Quick take: Why Xbox All Access could be the ultimate recession winner
Xbox All Access has been around for a while now, though with a limited reach (currently only available in 12 markets). While it was always going to play an integral part in Xbox’s cross-platform (and ultimately console-less) future, its uptake, or even appeal, may have been lost among flashier news around big acquisitions, as well as developments with cloud gaming or Game Pass. However, given the current macro-economic climate, Xbox All Access could prove to be a real recession buster for both consumers and Xbox.
Xbox All Access is a 24-month commitment at £20.99 per month, which includes access to the Xbox Series S console (or series X for £28.99) and Xbox Game Pass Ultimate (which includes the features of Live Gold, access to over 100 games, EA Play, same day release of Xbox Games Studios titles, and mobile / tablet gaming via the Game Pass app where available). Gamers can access the full details of the product here.
The All Access appeal in a recession
Here is how the deal compares against buying its parts in isolation: the Xbox Series S console is £250 in the UK (or for sticklers, £249.99). Game Pass Ultimate costs £10.99, though you can get the first three months for just £1. £20.99 for 24 months means £503.76 all in. If bought separately, consumers would pay £250 for the console plus £1 for the first three months of Game Pass plus £10.99 times the remaining 21 months – i.e., £481.79 all in, which is a 4.3% discount on the Xbox All Access scenario. Money is valued in time; hence a small premium would be justifiable, even under non-inflationary circumstances. However, the ongoing cost-of-living crisis and inflation could make the deal more appealing than ever before. Firstly, because it will become increasingly more difficult for consumers to come up with a £250 upfront payment for entertainment-related hardware. Secondly, because current inflation rates (along with increased logistics and productions costs) do not guarantee that the prices of consoles will not increase in the next 24 months. In fact, it is fairly likely that they will. Consumers who will be under the 24-month contract are unlikely to suffer from such price increases, which makes the potential value exchange increasingly attractive at the moment. On the other side, during the cost-of-living crisis, consumers will be looking to cut entertainment spending – and monthly digital subscriptions will be the easiest to ditch. Xbox getting consumers under 24-month contracts now could help prevent this and have consumers see their commitment through the upcoming difficult times.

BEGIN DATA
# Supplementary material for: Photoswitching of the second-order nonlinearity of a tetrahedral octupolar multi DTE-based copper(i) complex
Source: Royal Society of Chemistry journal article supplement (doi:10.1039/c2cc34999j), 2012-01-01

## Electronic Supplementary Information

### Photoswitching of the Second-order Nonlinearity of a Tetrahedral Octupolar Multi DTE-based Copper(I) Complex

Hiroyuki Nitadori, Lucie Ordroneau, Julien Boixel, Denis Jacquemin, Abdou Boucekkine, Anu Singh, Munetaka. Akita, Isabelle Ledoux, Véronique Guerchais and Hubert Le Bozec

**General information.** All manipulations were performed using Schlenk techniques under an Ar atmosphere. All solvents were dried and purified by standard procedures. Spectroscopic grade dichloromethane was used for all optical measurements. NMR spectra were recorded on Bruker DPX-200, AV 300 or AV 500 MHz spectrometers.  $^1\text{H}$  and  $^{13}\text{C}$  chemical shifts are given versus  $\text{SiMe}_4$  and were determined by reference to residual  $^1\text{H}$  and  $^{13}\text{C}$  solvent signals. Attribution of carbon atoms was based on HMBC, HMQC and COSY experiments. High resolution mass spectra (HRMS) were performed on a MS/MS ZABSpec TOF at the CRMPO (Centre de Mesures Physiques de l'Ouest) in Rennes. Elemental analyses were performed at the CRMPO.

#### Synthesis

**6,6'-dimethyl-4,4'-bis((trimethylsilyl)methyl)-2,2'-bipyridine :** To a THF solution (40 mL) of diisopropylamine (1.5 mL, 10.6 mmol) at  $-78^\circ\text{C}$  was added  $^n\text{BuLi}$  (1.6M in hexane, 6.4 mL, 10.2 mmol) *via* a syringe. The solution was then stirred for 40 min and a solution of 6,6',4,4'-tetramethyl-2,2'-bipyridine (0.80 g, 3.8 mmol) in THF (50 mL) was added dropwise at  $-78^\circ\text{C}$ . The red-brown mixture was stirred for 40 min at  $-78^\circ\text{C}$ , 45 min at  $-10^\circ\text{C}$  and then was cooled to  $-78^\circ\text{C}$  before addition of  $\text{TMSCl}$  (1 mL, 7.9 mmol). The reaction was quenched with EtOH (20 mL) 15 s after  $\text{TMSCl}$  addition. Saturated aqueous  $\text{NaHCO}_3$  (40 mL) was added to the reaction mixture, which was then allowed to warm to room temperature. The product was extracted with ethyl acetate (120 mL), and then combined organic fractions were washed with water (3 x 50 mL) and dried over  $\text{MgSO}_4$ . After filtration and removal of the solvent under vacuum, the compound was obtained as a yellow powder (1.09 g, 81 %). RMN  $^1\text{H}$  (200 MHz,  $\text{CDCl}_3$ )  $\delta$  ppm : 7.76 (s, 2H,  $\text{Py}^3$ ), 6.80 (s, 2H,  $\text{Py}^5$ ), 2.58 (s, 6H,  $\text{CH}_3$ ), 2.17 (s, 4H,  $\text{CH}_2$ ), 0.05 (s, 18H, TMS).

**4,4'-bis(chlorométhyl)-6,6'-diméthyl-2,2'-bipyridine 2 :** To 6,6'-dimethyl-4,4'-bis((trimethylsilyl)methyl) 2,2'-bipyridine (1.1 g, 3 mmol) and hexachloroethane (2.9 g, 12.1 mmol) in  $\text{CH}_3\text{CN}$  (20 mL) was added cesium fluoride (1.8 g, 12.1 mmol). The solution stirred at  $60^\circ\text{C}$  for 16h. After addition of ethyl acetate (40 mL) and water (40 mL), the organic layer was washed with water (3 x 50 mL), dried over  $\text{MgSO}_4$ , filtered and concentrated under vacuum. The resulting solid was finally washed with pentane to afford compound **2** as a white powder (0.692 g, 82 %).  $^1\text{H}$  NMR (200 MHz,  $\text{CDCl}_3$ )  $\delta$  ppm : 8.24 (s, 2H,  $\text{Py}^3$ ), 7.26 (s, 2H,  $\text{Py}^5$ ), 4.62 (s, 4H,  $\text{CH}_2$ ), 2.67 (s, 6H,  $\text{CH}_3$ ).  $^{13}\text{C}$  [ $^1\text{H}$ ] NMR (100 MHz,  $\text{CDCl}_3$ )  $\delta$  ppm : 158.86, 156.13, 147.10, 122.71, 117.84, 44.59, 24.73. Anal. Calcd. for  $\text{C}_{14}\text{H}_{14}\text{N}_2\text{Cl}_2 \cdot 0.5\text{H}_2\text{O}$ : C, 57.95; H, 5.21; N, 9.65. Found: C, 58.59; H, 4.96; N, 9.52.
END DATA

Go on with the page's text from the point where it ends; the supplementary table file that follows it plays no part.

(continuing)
When it comes to entertainment subscriptions, Xbox All Access could prove to be a real recession buster.
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